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SPECIAL MILLENNIUM ISSUE / HOME & DESIGN | A TRIBUTE
TO BAD TASTE

Mr. Wise Guy Builds His 'Smart House'

In Tom Connor's Dream Palace, Technology Is Merely a Servant of Our Deepest Desires: Fast Food, Violent Sports and Theme-Park Decor.

May 16, 1999|TOM CONNOR | As co-author of the magazine parodies Martha Stuart Living and the Smyth-Hawk'em Gardening Catalogue, Tom Connor regularly lampoons high society and other American perversions

Sorry to burst the thought-bubble, but most Americans aren't all that interested in "smart" houses. I know this because I watch a lot of reality-based television, and "smart" just isn't a guiding principle for real Americans. Besides, no matter what architects and contractors may say, "smart" sounds like pressure, like a test. And personally, when I come home, I don't want to have to think, much less deal with IQ-recognition entries, home LANs or intelligent switches, remotes and presets. Technically, my garage door opener is smarter than I am. Do I really want an entire house that's smarter?

My dream house is one in which I won't feel smarter or hipper or more sophisticated than everyone else, but just like everyone else. It would be a house in which Gov. Jesse Ventura would feel at home as a guest. A house in which architecture and technology are not masters but rather the servants of Americans' deepest wants and needs: theme-park decor and diversions, violent sports and entertainment, fast food in vast quantities, lurid public airings of personal issues, and domestic situations gone horribly awry.

Think "Homer Simpson hires theme-park designer Robert A.M. Stern." The result I have in mind would be a kind of maximalist, post-modest, neo-Jersey, Ranch Revival. Let's take a tour.

Starting in the kitchen, you'll see that the counters and breakfast table have been replaced by a Food Court, open 24-7 and modeled on those found at Disney World. This contemporary "gorging pavilion" is outfitted with half a dozen small, automated self-service stations, each under its own umbrella and brand name, featuring dough-based cuisines and desserts from all over, well, Disney World. Custom-wide doorways, fitted with entrance and exit turnstiles, help control traffic flow during peak dining hours.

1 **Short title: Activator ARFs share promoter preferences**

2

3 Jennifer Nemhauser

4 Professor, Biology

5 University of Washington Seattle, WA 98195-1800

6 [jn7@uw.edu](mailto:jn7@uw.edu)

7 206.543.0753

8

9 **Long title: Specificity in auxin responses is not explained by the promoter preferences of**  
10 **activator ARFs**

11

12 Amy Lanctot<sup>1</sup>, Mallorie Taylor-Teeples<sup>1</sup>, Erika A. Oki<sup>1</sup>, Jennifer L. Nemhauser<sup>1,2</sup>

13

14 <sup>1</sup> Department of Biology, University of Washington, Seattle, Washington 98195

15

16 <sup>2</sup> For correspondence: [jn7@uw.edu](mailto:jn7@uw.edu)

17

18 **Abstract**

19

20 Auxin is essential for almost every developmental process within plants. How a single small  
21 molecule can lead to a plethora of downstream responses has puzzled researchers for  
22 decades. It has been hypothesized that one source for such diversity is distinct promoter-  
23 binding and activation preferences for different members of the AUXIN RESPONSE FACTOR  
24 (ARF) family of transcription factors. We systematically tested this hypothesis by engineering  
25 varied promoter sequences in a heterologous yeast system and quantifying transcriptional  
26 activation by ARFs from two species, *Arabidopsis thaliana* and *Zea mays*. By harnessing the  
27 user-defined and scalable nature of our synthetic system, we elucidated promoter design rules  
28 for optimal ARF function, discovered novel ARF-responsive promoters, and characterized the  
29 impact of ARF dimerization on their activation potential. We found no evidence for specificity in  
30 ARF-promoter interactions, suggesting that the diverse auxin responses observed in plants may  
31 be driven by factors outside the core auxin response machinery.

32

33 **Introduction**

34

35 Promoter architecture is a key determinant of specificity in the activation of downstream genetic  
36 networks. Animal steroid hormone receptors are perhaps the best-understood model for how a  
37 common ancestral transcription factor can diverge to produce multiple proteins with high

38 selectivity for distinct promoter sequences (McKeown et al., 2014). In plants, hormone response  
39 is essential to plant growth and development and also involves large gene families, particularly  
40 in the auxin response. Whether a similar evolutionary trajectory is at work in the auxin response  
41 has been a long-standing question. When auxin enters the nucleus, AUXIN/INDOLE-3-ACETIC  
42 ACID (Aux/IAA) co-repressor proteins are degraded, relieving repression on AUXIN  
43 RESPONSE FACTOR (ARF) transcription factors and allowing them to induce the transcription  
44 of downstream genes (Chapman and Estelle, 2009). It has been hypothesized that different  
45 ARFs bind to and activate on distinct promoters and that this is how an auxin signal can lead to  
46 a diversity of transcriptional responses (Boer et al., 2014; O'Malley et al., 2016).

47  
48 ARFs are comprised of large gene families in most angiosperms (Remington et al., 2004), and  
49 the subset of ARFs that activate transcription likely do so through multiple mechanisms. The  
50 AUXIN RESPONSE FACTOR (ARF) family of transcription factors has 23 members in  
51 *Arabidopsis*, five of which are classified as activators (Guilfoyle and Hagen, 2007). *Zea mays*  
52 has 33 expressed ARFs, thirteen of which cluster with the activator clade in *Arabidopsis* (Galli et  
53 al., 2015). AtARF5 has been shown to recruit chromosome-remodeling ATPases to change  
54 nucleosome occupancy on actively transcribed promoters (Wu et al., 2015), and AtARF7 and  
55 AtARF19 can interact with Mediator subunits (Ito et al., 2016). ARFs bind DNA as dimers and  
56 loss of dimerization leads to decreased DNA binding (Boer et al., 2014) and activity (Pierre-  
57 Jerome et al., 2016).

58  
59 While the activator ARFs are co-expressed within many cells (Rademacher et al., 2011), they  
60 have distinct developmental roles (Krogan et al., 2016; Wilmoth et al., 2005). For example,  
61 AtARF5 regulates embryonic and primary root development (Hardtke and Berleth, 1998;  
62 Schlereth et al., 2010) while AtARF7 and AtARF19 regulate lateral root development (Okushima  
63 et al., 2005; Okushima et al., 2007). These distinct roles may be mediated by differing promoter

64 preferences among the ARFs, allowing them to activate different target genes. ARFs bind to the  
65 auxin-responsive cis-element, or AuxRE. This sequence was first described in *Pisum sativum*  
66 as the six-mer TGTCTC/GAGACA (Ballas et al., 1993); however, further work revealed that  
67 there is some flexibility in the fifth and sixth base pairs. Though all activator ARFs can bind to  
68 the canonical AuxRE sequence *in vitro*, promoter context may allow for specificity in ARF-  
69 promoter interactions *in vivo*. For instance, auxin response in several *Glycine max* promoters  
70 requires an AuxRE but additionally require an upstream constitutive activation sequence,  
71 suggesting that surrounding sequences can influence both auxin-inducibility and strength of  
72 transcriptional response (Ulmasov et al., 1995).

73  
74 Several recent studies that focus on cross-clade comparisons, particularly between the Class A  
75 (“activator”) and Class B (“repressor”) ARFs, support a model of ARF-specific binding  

Remember the family room? It still exists in my model house, but it has been re-imagined as a space more conducive to intimate discussion: like the time a number of family members shared their feelings about my having mentioned their cross-dressing in a national publication. Thus the need for the easily breakable chairs lined up across a low stage and facing a gallery capable of seating an audience of 50 or 60.

In the living room, traditional notions of entertainment are defenestrated as the outside is brought in via an oversized, high-definition window--the equivalent of a 72-inch Phillips flat panel screen--overlooking the interstate and providing dramatic views of tractor-trailer crashes and police chases.

Yet tastelessness needn't mean one has to be stupid when it comes to technology and architecture. If we've learned anything at all from "EDtv," it is that as the lines between public and private lives further blur in the future, everything we do at home will have the potential to be exploited and converted to product. And in this culture, the less tasteful the decor, the more profitable the house.

For example, let's return for a moment to the kitchen, typically the most accident-prone area of a home. Here the room, which is loaded with high-speed industrial meat-slicers and other really scary appliances, features hidden digital cameras to record the carnage as it happens. The raw footage is then transmitted directly to late-breaking news programs and home-video entertainment shows. The familiar kitchen butcher block that once denoted serious cooks and carnivores? That's now an emergency home-surgery table, complete with overhead operating lights, where a severed member can be reattached as easily as trussing a rump roast.

In the dining room, a kind of new American vernacular is achieved by means of Final Script software embedded in the walls, which converts dinner conversations into dialogue that is instantly e-mailed to the family's agent, then forwarded to studios in Hollywood and New York.

Finally, let's visit the bathroom. Aside from the tub that drains into a water theme park in the back yard, this could be any master bathroom in any house in suburbia, with one small exception: The shower is a Web site, offering continuous live feeds to thousands of e-customers worldwide. (An important design note: Since bathrooms, like garages and basements, are really a male thing, wives needn't be bothered with details like the one above.)

Upon reflection, maybe this wouldn't be my primary residence but more like a second home. And "second" not in the sense that social, moneyed people have second residences, but in the way guys who lead double lives have second homes and wives on the other side of town, for when life in the first gets stressful or boring. Now THAT might be a smart house.

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